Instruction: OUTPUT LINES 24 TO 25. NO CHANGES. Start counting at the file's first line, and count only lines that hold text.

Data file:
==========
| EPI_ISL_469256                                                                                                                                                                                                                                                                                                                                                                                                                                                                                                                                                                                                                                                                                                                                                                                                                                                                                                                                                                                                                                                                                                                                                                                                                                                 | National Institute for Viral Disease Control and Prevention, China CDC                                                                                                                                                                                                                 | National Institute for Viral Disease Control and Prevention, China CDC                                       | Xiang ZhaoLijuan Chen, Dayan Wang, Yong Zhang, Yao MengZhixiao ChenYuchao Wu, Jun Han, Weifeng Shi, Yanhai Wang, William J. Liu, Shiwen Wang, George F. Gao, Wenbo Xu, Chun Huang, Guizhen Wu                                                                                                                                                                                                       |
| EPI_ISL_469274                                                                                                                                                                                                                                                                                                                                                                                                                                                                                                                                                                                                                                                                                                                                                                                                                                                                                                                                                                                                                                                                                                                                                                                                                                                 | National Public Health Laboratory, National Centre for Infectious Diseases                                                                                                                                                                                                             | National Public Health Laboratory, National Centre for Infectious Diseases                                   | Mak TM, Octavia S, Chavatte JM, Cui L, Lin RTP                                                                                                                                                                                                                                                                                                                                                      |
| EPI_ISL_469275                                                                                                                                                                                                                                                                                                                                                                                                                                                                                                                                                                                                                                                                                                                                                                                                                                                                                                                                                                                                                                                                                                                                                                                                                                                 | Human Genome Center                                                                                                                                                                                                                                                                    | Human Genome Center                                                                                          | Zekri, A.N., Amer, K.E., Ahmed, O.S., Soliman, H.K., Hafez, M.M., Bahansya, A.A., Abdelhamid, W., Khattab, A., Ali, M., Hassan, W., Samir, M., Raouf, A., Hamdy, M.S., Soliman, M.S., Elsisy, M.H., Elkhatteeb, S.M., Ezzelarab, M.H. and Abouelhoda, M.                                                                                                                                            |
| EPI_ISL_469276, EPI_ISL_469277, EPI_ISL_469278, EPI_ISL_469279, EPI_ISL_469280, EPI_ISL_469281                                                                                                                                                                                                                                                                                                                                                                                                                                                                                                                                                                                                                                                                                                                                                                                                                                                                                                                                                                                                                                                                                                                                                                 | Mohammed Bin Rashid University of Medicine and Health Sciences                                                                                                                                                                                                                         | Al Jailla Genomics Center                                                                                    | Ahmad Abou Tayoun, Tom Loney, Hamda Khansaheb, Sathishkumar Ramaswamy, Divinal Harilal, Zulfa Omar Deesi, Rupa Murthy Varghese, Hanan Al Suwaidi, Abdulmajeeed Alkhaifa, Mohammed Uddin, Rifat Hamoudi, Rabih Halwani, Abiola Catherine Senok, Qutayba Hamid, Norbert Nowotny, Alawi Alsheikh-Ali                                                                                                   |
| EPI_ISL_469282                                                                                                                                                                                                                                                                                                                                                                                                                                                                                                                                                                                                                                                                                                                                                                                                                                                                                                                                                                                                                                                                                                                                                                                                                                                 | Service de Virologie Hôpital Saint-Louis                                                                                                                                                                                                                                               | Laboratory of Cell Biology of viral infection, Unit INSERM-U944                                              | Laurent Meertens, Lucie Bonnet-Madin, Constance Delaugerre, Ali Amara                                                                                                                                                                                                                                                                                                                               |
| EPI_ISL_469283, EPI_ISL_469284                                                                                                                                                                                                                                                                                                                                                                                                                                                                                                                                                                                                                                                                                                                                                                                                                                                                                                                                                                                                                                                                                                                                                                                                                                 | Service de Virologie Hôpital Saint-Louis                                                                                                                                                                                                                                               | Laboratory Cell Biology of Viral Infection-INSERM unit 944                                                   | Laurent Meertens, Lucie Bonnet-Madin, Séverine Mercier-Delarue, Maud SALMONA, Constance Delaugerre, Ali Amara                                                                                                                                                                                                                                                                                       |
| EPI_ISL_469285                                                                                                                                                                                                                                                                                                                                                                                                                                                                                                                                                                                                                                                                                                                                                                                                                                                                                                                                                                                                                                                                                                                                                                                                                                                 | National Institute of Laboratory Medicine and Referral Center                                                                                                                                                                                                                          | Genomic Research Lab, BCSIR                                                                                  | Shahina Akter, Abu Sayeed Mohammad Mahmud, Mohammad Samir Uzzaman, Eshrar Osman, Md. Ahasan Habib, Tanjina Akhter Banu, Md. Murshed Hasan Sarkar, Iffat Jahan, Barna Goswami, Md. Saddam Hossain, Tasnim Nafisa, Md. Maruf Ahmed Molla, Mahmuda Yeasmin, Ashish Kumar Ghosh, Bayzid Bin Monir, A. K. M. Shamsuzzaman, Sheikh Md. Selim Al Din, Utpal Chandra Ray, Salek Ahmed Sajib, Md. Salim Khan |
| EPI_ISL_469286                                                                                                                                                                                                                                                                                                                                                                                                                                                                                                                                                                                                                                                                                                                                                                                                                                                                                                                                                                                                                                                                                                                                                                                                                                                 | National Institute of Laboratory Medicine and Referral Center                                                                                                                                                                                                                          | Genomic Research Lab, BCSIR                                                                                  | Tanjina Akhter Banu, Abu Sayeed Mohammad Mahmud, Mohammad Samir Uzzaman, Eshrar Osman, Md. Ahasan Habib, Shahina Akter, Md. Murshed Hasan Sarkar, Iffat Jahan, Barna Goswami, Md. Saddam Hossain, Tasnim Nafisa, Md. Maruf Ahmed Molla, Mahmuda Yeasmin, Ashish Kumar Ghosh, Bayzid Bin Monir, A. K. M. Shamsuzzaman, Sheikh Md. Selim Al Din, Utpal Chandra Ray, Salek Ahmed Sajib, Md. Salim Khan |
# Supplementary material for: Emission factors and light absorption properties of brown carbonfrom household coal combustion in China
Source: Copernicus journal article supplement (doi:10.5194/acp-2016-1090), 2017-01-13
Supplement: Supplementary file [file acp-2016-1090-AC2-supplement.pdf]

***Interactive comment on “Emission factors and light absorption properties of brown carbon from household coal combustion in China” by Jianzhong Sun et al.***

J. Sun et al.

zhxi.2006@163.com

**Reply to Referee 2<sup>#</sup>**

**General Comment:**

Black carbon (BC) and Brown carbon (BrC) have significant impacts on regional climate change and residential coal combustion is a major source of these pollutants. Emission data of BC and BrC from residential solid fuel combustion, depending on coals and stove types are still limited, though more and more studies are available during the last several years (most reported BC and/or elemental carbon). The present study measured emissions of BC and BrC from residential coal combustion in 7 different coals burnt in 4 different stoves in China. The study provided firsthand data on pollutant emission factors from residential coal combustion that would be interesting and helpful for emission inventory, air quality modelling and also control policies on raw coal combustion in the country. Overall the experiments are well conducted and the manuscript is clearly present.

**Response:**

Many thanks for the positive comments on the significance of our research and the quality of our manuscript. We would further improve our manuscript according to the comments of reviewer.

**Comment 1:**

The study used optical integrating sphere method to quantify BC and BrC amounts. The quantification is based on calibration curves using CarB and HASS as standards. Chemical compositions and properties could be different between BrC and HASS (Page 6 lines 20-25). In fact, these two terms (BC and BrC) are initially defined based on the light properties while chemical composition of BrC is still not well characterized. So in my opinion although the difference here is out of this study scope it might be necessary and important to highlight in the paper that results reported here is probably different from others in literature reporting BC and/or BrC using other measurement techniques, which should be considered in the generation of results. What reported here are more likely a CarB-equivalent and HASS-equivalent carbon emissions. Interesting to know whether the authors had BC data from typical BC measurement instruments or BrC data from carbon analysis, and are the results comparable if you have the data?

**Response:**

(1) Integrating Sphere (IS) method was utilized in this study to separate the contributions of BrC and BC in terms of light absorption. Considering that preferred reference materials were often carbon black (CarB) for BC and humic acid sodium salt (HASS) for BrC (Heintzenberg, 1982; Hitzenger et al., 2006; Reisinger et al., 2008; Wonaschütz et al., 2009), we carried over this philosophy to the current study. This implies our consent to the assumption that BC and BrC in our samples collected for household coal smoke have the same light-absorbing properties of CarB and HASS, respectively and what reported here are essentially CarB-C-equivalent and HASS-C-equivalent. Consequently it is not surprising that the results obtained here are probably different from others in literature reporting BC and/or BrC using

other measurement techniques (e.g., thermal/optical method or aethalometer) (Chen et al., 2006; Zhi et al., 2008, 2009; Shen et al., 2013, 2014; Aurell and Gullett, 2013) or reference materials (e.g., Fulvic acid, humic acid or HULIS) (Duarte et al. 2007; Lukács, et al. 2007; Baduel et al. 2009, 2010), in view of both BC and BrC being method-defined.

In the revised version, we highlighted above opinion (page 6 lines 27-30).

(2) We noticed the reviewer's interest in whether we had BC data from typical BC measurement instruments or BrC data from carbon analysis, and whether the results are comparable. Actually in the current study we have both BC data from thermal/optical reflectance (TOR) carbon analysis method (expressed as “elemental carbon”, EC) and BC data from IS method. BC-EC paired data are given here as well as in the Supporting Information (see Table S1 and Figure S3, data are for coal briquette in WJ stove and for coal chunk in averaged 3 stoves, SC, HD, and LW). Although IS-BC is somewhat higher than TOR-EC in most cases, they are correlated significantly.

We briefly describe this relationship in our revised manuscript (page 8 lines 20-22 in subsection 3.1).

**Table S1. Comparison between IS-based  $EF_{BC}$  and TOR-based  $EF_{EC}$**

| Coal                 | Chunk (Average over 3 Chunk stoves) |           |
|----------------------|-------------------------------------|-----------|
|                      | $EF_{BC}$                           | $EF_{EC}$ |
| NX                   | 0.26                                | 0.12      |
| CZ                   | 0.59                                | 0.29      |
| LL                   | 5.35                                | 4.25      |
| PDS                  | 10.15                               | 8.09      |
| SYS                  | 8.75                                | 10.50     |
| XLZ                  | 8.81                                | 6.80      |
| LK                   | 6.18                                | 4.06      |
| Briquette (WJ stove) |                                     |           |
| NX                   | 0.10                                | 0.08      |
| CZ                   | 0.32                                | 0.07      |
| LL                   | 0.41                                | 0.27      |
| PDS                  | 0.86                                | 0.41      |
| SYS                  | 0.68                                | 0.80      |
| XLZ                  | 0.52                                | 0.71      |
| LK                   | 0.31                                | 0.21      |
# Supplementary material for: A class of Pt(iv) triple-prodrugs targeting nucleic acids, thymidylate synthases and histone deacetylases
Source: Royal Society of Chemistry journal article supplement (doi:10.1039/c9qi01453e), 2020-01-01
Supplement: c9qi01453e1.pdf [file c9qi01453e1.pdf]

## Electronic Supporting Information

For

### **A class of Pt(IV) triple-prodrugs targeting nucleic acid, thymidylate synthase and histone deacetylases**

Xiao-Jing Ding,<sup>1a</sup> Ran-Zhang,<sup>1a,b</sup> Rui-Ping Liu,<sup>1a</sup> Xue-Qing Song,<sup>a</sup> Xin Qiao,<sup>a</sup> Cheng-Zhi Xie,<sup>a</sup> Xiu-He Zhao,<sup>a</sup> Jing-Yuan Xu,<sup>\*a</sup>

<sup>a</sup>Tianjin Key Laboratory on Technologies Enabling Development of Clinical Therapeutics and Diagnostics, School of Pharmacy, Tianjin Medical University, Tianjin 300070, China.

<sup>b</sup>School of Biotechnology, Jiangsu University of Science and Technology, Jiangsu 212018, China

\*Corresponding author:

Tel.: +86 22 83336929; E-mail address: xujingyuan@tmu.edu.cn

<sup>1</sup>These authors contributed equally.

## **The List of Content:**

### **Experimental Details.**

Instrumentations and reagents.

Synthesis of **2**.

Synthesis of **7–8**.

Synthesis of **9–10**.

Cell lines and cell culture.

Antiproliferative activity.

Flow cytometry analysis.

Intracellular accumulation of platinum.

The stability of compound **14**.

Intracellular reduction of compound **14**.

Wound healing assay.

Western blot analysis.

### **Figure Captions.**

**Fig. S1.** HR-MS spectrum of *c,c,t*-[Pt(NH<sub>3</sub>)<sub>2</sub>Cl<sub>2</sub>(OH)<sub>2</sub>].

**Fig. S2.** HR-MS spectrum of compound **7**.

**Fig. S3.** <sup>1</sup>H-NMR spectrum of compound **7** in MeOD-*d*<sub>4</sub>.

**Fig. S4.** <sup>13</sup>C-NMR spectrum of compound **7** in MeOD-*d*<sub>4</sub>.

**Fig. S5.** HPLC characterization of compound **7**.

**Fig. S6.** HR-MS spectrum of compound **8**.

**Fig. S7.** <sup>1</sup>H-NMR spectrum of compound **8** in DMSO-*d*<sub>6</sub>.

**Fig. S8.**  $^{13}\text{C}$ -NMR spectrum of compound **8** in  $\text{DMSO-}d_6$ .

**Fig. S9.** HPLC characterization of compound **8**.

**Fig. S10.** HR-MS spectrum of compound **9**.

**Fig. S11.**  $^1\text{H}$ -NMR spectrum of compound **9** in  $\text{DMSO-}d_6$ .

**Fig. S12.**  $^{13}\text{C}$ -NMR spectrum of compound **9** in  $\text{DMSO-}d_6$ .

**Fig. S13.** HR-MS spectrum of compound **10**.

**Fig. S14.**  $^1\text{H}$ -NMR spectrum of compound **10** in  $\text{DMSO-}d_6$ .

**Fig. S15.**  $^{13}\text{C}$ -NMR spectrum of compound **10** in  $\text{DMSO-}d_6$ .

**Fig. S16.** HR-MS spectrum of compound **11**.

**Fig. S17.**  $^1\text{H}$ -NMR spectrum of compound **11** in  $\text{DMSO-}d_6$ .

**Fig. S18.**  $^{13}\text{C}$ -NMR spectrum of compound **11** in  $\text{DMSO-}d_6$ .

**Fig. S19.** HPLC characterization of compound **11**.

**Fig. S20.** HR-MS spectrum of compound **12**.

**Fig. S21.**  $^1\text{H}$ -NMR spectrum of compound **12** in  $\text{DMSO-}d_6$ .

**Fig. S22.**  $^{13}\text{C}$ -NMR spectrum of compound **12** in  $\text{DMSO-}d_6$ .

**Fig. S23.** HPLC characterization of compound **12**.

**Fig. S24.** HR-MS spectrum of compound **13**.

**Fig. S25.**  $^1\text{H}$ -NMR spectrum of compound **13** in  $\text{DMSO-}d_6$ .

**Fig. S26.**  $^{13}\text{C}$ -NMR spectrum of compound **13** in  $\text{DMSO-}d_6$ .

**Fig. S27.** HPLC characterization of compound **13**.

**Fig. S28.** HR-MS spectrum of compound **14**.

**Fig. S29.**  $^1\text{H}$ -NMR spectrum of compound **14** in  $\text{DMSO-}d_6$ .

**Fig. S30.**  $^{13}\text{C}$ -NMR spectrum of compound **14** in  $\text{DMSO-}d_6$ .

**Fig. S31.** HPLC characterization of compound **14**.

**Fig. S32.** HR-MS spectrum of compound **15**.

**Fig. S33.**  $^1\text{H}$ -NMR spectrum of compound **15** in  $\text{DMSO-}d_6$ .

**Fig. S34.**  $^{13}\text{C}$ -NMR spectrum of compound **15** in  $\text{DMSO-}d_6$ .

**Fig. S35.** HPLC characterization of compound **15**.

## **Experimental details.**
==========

other measurement techniques (e.g., thermal/optical method or aethalometer) (Chen et al., 2006; Zhi et al., 2008, 2009; Shen et al., 2013, 2014; Aurell and Gullett, 2013) or reference materials (e.g., Fulvic acid, humic acid or HULIS) (Duarte et al. 2007; Lukács, et al. 2007; Baduel et al. 2009, 2010), in view of both BC and BrC being method-defined.

In the revised version, we highlighted above opinion (page 6 lines 27-30).